between various units of density. Some conversions are not
perfect, for example specific gravity and °Brix do not measure the same
physical property, and are often measured using different instruments.
Some of these conversion are therefore based on expressions
derived from polynomial fits to experimental data sets. Potential alcohol
is not a measure of density, but it is useful. This calculation
is an approximation, for more detailed alcohol prediction see the alcohol prediction calculator. Dissolved Solids
is not a measure of density, but is useful. This is an estimate
of dissolved solids assuming that most of the solids are sucrose - it
will be close to the true value.
Details: This calculation is based on the method proposed by Duncan and Acton (Progressive Winemaking).
The calculation is based on the initial and final gravity.
The correction for DSOS is the the assumed gravity contribution
from Dissolved Solids Other than Sugar. The correction for DSOS
is hard to judge, but a suggestion is to use pre-ferment figures from
wines for which you know the final alcohol, and tweak the DSOS until
the calculation gives the correct value, then use the calculator for
making predictions for similar musts (variety, region, condition etc).
calculator will calculate alcohol by volume from the spirit indication
procedure. This procedure involves taking a sample of known volume and
making a hydrometer reading. The sample is then boiled until it
is reduced to about half its initial volume, topped up to the initial
volume again with distilled water (or any water giving a hydrometer
reading of 0.000), and a final reading is taken.
This calculator includes hydrometer temperature correction so it is not
essential to ensure the initial and final readings are made at the same
temperature, however the temperatures, and calibration temperature of the
hydrometer must be known.
Note: This procedure, if performed carefully, will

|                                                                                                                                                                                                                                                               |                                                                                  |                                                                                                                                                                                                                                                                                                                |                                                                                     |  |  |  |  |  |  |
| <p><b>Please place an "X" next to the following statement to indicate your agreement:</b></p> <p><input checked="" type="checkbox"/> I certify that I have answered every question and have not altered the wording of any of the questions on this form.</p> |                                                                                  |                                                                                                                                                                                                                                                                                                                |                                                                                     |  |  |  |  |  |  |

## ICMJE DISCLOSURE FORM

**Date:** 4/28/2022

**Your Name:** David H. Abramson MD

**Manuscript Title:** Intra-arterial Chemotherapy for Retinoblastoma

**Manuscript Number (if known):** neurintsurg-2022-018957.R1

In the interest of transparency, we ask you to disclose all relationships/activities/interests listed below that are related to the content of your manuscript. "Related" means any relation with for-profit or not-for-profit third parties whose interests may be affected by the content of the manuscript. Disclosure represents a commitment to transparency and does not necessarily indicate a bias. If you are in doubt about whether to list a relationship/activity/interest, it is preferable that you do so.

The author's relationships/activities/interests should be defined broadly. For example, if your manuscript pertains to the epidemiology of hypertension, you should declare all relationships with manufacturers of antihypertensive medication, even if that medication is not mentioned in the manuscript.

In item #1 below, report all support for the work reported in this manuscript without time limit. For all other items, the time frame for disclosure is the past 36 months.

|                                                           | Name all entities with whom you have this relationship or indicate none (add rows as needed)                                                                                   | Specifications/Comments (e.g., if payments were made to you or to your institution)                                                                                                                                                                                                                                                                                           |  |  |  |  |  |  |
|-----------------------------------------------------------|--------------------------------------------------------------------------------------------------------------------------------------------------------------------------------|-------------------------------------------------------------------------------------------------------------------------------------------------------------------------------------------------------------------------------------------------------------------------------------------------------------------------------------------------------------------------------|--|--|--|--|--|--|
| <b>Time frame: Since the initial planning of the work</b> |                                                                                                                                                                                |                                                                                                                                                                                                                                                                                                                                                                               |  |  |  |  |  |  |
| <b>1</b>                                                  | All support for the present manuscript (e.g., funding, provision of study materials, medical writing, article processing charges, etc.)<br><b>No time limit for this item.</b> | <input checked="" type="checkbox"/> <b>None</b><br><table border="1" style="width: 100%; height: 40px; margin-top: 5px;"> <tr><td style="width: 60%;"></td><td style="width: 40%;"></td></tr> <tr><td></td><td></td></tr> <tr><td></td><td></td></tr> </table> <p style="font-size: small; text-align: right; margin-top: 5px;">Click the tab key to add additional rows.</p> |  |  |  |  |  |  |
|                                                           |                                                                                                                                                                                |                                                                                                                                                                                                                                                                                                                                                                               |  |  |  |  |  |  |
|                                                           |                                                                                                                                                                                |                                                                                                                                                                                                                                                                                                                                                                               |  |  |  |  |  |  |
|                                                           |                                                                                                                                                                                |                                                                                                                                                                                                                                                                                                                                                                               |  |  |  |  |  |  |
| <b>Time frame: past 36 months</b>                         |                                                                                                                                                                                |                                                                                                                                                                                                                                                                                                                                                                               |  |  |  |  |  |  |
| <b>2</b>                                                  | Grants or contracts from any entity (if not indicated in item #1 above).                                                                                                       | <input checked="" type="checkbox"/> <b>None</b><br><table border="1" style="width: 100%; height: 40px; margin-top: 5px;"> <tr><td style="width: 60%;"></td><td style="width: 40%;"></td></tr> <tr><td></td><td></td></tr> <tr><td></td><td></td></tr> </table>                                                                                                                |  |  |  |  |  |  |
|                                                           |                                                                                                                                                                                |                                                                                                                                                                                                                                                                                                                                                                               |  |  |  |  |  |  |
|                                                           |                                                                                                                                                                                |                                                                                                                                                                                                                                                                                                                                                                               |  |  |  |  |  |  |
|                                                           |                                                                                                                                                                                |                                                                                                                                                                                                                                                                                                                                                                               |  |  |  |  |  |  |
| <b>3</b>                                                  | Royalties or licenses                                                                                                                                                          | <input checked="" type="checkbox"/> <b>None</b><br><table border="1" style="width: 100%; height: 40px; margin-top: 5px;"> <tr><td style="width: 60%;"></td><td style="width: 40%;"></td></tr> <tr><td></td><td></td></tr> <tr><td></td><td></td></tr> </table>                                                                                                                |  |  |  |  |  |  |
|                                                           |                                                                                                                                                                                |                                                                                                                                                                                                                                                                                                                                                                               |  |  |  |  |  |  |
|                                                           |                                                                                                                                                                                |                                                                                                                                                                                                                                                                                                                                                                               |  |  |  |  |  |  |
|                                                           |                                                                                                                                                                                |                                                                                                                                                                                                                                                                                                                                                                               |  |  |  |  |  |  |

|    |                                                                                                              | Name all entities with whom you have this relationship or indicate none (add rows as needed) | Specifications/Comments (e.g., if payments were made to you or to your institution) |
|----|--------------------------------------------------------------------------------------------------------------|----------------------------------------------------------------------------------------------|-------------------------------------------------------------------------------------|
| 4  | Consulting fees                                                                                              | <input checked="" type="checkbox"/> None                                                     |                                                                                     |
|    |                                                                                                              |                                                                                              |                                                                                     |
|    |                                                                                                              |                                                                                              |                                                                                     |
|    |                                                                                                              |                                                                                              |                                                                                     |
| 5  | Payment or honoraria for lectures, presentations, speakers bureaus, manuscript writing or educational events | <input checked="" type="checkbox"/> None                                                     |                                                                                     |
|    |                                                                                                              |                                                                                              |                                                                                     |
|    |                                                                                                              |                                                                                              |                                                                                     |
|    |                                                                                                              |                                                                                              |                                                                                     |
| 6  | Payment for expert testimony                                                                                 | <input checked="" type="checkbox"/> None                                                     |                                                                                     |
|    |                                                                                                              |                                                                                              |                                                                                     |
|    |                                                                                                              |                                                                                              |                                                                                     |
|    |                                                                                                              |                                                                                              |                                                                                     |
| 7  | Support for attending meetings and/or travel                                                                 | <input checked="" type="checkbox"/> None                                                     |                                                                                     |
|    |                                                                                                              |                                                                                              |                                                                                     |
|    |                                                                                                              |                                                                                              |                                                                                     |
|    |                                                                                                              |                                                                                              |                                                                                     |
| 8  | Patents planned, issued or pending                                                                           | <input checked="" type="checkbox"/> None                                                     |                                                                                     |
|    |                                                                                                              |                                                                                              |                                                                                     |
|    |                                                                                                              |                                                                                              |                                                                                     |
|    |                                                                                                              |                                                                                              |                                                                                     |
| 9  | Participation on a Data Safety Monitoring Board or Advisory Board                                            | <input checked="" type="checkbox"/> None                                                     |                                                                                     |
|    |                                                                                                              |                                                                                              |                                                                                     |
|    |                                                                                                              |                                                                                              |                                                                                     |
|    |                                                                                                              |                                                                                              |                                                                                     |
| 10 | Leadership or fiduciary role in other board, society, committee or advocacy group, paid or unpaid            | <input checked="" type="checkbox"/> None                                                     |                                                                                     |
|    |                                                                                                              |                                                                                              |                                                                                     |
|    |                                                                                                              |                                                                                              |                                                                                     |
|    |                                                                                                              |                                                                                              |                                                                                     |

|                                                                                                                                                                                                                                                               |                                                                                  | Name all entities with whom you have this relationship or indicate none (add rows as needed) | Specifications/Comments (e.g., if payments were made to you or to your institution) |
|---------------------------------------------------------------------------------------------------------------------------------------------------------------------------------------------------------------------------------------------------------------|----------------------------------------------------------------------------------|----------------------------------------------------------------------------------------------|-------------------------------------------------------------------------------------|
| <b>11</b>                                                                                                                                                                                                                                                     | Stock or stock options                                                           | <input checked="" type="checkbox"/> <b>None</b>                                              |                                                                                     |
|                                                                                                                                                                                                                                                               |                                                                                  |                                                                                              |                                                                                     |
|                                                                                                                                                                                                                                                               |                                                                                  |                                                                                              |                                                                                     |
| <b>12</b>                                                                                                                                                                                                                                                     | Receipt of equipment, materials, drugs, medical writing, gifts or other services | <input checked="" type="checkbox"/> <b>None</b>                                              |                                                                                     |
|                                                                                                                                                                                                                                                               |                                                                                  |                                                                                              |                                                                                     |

provide accurate results in wines regardless of residual sugar.
calculator uses a refractometer and hydrometer reading to ascertain the
alcohol content of the sample. The gravity measurement must be
from a hydrometer, and the °Brix measurement must be from a
refractometer, these values must not have been calculated from one
source. Alcohol (ethanol) has a higher refractive index than water, so a dry wine will usually give a refractometer reading in the range 5 to 15°Brix.
the progress of a ferment without having to take large samples and use
a hydrometer, simply take a small refractometer sample. Entering the
initial °Brix reading (pre-ferment) and the current reading will give
is all that is required.
Important: There are a
lot of approximations involved in this calculator. While this
method is extremely useful for monitoring ferments, and on the whole
quite accurate, it is not perfect - for example, do not expect it to
show a true °Brix of exactly zero when the fermentation has finished.
Details: A sample
of high sugar juice can be diluted in order that it can be read on equipment with
a limited scale. However because the °Brix scale is calibrated as %w/w, but
the dilution is carried out by measuring volume, the reading cannot simply be multiplied by
the dilution to obtain the °Brix of the juice. This calculator corrects for this, allowing
such dilutions to be used.
Note on SG: If measuring a juice using SG (specific gravity),
simple multiplication is possible. For example, a sample diluted to 50% with distilled water, which reads